This was excerpted from the January 8 edition of CNN’s Meanwhile in America, the daily email about US politics for global readers. Click here to read past editions and subscribe.

(CNN)Donald Trump’s former White House chief of staff John Kelly has been reflecting on the President’s temperament, which led after four chaotic years to his incitement of a mob assault on the US Capitol. “From a distance, it’s impossible to understand who he actually is,” Kelly said in an unusually candid and disturbing interview with CNN’s Jake Tapper last week.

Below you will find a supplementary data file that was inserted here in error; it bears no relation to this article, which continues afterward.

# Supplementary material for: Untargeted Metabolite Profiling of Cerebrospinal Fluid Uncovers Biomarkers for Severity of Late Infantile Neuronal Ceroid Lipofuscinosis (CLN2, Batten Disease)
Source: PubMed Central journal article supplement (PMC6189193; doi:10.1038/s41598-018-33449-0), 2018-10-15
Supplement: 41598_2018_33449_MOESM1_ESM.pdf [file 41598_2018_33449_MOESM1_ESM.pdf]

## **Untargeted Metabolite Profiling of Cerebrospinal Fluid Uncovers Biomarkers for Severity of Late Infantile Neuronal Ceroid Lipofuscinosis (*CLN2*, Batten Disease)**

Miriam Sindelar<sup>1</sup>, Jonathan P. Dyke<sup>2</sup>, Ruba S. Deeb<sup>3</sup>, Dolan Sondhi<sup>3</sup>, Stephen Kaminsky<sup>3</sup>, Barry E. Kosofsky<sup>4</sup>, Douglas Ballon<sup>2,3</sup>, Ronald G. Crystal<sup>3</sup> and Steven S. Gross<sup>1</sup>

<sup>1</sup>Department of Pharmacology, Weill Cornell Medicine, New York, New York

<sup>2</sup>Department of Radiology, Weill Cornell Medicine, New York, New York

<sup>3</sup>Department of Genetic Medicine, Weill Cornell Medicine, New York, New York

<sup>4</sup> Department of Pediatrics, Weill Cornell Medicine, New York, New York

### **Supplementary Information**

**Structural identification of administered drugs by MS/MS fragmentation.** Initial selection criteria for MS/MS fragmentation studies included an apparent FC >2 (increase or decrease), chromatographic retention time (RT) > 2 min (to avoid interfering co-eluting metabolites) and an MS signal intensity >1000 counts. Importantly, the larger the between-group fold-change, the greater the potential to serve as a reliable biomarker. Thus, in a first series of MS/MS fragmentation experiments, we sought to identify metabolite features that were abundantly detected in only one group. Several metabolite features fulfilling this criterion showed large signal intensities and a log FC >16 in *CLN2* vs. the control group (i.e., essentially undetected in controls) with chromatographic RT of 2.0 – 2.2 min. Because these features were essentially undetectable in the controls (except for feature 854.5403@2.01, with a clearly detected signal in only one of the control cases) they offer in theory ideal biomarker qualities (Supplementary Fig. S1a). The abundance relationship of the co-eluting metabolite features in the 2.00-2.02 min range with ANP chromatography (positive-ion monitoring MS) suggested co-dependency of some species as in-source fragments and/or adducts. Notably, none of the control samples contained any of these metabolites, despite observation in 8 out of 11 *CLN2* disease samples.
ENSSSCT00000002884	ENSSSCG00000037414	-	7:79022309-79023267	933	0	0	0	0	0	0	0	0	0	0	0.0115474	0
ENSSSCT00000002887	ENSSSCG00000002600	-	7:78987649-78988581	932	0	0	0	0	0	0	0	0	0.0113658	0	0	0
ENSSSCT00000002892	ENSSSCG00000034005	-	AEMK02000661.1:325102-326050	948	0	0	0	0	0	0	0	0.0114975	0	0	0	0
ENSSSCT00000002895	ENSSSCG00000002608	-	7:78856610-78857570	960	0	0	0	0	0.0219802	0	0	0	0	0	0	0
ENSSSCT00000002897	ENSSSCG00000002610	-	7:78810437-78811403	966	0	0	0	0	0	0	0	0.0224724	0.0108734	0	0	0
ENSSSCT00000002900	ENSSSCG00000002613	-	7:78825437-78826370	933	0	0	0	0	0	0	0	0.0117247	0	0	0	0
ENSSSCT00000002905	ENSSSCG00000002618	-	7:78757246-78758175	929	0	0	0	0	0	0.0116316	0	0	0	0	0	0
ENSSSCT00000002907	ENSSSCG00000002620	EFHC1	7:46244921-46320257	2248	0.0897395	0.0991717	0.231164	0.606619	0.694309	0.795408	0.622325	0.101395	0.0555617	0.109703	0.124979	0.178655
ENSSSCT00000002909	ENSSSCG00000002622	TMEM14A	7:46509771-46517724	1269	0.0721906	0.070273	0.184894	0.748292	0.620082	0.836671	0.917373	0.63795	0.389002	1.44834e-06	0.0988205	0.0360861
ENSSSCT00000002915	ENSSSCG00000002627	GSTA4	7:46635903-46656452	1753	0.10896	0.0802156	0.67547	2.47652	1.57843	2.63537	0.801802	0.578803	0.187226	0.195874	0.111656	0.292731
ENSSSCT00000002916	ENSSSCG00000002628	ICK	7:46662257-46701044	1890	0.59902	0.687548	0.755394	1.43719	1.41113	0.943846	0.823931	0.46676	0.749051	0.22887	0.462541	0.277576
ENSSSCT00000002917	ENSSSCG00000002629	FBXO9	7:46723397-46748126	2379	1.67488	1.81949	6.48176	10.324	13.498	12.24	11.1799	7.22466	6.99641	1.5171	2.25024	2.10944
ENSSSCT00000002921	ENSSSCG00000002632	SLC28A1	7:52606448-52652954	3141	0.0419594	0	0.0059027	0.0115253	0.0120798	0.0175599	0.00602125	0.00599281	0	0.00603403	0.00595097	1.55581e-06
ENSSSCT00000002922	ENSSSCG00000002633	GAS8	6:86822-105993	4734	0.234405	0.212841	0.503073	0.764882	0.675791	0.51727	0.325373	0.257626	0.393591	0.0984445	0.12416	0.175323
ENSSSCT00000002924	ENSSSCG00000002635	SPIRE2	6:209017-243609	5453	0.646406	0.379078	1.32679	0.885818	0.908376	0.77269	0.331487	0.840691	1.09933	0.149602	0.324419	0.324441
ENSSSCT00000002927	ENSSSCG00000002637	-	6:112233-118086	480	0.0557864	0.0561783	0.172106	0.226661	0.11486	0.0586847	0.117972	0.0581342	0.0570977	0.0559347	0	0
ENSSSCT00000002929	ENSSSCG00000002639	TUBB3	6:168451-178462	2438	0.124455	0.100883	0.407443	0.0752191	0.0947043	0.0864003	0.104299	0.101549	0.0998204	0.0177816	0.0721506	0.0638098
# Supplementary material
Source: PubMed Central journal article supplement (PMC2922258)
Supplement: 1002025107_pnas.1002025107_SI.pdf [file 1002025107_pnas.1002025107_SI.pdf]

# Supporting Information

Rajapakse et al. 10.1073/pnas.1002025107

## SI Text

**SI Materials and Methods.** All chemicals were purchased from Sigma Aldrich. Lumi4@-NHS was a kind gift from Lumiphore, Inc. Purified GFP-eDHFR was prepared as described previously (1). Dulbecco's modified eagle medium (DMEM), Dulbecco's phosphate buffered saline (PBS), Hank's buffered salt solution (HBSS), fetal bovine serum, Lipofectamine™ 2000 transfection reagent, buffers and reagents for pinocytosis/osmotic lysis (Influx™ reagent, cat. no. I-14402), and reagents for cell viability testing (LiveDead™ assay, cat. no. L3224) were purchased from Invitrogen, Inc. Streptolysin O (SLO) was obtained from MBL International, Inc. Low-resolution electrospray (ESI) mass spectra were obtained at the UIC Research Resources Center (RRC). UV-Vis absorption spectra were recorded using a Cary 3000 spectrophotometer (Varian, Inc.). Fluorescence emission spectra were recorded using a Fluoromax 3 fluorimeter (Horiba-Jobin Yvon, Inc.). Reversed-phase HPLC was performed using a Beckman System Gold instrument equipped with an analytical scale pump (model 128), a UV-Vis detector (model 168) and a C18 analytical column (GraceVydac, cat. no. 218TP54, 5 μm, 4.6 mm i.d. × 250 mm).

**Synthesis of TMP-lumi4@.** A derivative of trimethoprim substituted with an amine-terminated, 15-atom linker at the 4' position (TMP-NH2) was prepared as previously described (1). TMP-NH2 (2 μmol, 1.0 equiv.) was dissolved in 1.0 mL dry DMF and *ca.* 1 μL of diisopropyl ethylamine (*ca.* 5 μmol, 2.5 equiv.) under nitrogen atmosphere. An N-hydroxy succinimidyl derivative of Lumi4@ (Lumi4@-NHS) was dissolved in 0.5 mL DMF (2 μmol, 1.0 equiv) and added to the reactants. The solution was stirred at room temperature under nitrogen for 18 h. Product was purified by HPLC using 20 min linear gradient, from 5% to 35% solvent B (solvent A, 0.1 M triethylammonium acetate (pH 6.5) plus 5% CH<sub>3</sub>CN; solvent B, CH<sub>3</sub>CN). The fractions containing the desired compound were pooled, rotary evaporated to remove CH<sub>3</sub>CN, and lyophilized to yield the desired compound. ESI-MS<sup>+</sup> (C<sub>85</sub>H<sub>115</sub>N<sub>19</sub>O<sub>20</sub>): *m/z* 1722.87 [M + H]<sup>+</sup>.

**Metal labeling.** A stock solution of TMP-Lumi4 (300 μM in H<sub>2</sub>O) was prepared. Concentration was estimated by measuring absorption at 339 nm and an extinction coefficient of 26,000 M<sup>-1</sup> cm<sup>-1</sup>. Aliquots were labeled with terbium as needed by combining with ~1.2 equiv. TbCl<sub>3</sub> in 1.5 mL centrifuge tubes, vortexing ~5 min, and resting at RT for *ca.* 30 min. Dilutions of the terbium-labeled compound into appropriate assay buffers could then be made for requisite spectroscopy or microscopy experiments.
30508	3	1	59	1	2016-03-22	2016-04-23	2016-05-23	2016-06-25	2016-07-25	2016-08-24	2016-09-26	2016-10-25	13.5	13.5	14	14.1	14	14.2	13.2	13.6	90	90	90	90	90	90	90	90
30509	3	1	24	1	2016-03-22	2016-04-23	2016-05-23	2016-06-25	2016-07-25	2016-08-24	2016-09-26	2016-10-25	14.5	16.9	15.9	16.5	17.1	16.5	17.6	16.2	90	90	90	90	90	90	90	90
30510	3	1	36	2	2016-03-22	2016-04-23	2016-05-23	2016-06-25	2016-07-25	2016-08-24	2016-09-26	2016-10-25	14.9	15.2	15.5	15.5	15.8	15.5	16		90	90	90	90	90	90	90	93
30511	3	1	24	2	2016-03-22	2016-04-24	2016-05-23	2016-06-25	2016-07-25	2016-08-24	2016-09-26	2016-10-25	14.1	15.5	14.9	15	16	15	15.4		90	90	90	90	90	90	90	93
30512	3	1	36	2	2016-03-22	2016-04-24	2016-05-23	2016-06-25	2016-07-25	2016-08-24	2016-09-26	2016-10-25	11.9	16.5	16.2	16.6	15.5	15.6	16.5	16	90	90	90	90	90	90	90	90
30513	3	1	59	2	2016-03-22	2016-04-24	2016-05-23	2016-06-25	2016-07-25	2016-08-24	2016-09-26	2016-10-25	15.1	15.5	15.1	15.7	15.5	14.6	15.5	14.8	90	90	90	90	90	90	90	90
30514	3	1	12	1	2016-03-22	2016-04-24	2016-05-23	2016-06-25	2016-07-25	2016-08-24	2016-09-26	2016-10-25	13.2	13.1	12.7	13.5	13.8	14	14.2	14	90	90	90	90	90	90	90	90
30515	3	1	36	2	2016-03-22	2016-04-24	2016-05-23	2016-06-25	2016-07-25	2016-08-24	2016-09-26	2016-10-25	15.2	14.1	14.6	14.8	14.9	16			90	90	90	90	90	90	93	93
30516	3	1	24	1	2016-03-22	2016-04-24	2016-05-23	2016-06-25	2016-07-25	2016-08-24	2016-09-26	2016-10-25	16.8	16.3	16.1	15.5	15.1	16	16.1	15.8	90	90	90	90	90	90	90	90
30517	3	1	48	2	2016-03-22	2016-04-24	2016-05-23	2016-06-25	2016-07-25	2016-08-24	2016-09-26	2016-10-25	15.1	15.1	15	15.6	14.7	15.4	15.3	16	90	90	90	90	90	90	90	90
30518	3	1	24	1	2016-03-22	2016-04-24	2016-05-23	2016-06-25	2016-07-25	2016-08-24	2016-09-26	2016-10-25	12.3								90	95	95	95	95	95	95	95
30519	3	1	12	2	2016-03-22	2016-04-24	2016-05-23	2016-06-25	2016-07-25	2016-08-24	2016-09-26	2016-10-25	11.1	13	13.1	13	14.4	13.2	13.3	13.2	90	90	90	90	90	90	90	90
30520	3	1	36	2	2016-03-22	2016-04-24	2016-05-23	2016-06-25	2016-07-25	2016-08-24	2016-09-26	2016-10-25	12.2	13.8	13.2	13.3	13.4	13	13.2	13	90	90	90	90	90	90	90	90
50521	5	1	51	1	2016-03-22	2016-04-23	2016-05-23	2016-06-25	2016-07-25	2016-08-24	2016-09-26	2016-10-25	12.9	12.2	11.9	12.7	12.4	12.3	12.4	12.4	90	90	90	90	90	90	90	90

The respected retired general observes the military code of never speaking ill of the chain of command, and doesn’t typically badmouth his former boss in public. But he now says that if he were still in the Cabinet, he’d argue Trump was unfit for office and to invoke the 25th Amendment.Trump’s personality deficiencies are no secret, with publicly vengeful, vain and juvenile behavior every day. So perhaps Kelly should have understood what he was in for when he went to the West Wing.But he sought to explain why respected US officials stayed in their posts even as Trump obliterated their reputations — at least in the early years of his term. “When you begin to start working for him and understand how flawed he is, then it’s a matter of staying in the job as long as you can stand it and try to prevent some disaster,” he said. Kelly also partly blamed events like Wednesday’s riot on successors’ failure to “manage” the President. (It’s always troubling to hear the man with America’s nuclear codes characterized as a child.)Read MoreThe Capitol siege has magnified long-standing concern about Trump’s temperament. Whatever you think of his politics, the final days fretting over Trump’s psychological state and his fitness for the job underscore what should have been obvious for years: His presidency is a tragic, historic mistake.Meanwhile in the Middle EastSaudi Crown Prince Mohammed bin Salman welcomes the Emir of Qatar Tamim bin Hamad Al-Thani on a screen in the media centre ahead of the 41st Gulf Cooperation Council (GCC) summit in al-Ula, Saudi Arabia.Saudi Crown Prince Mohammed bin Salman welcomes the Emir of Qatar Tamim bin Hamad Al-Thani on a screen in the media centre ahead of the 41st Gulf Cooperation Council (GCC) summit in al-Ula, Saudi Arabia.Saudi Crown Prince Mohammed bin Salman welcomes the Emir of Qatar Tamim bin Hamad Al-Thani on a screen in the media centre ahead of the 41st Gulf Cooperation Council (GCC) summit in al-Ula, Saudi Arabia.What Gulf Arab politics lacks in transparency, it makes up for in pomp and fanfare. On Tuesday, a long hug between Qatar’s Emir Tamim Al Thani and Saudi Crown Prince Mohammed bin Salman spoke volumes: Throwing caution about the pandemic to the wind, the embracing leaders looked eager to erase a nearly four-year Gulf Arab rift from memory.Saudi Arabia, Bahrain, UAE and Egypt began their boycott of Qatar in mid-2017, but in a flash their demands disappeared this week from leaders’ speeches. The detente agreement is still under wraps, so it’s unclear if Qatar has made concessions to its former foes, but the tiny Arab state seems so far unaffected. For one thing, the so-called “Arab Quartet” had originally demanded that Qatar close its Doha-based broadcaster Al Jazeera — but not only has the pan-Arab TV station continued to broadcast, it began hosting Saudi guests again on the day the dispute ended. It was a spell of déjà vu for Arab spectators. For regional pundits, the hug confirmed what many suspected: Gulf Arab leaders, trying to curry favor with President-elect Joe Biden, are attempting to undo some of the Trump administration’s effects on the region. Because Trump’s son-in-law and senior adviser, Jared Kushner, helped to patch up the dispute, it’s easy to forget that Trump himself took credit for the original boycott — which began less than six months after he took office —implying that Arab leaders had heeded his calls to combat terrorism when they severed ties with the gas-rich state. Gulf Arab unity, which many took for granted, shattered at that moment, and Arabs have braced for more regional transformations. But with leaders’ reconciliation on Tuesday came a sigh of relief, premature though it may be. The Middle East may not exactly be back to “normal,” but familiar power plays in a crisis-ridden region are more comforting than the unknown future of a divided Gulf. — CNN’s Tamara Qiblawi writes to Meanwhile from Beirut’What a spectacle’Foreign governments and diplomats expressed shock over Wednesday’s rioting in the US capital, but not all Meanwhile readers were taken by surprise. “I watched the scenes from my warm living room in Normandy. Quite frankly, as horrifying as they were (funny though, if it had been Venezuela, Bolivia or some African country I don’t think I would have paid that much attention) I can’t say I’m entirely surprised,” wrote Marta from France. “I think Wednesday was incredible but the most incredible thing was Trump’s election.” Sabine in Germany also said the violence was “expected” — especially after a similar attempt in Berlin last year. “This was total horror, even if it was totally expected. Actually, I had expected the US to descend into civil war right after the November election,” she wrote. “In Germany, there had been a very similar situation last summer, the only difference was that the head of our government is not the head of a terrorist organization. … I think it is absolutely plausible that Trump himself actively discouraged Federal forces from defending the Capitol.”Some readers said they were surprised — though largely by Washington’s weak security response to thousands of people storming a government building.”I just could not believe what I was seeing on the TV, from my comfortable sofa in Spain,” wrote Peta. “My thought was, ‘Why are there no reinforcements, where are they?’ These sort of scenes are played out in countries that are ruled by Dictators, but those demonstrators do not get very far.””Astounded that it could occur in the seat of American democracy; astounded that the police took so, so long to gain control of the situation. … That there was no rapid reaction force (of whatever stripe) available to protect both the Whitehouse and Capitol beggars belief!” — David in WalesLeciel in Zimbabwe saw parallels from history in Trump’s incitement of the riot. “I have lived in Africa for 74 years under the likes of Robert Mugabe and so have seen how banana republics’ leaders behave and conduct elections … ,” they wrote. “My goodness, what a spectacle.”And watching it all from South Africa, Beverly said schadenfreude was out of the question. “Our own struggle to democracy was painful and bloody. We know how delicate and precious it is,” she wrote. “To see America’s democracy, which was also hard-won, trampled into the gutter is not a triumphalist, told-you-so moment, as much as it is a deep mourning from the side of a grave.”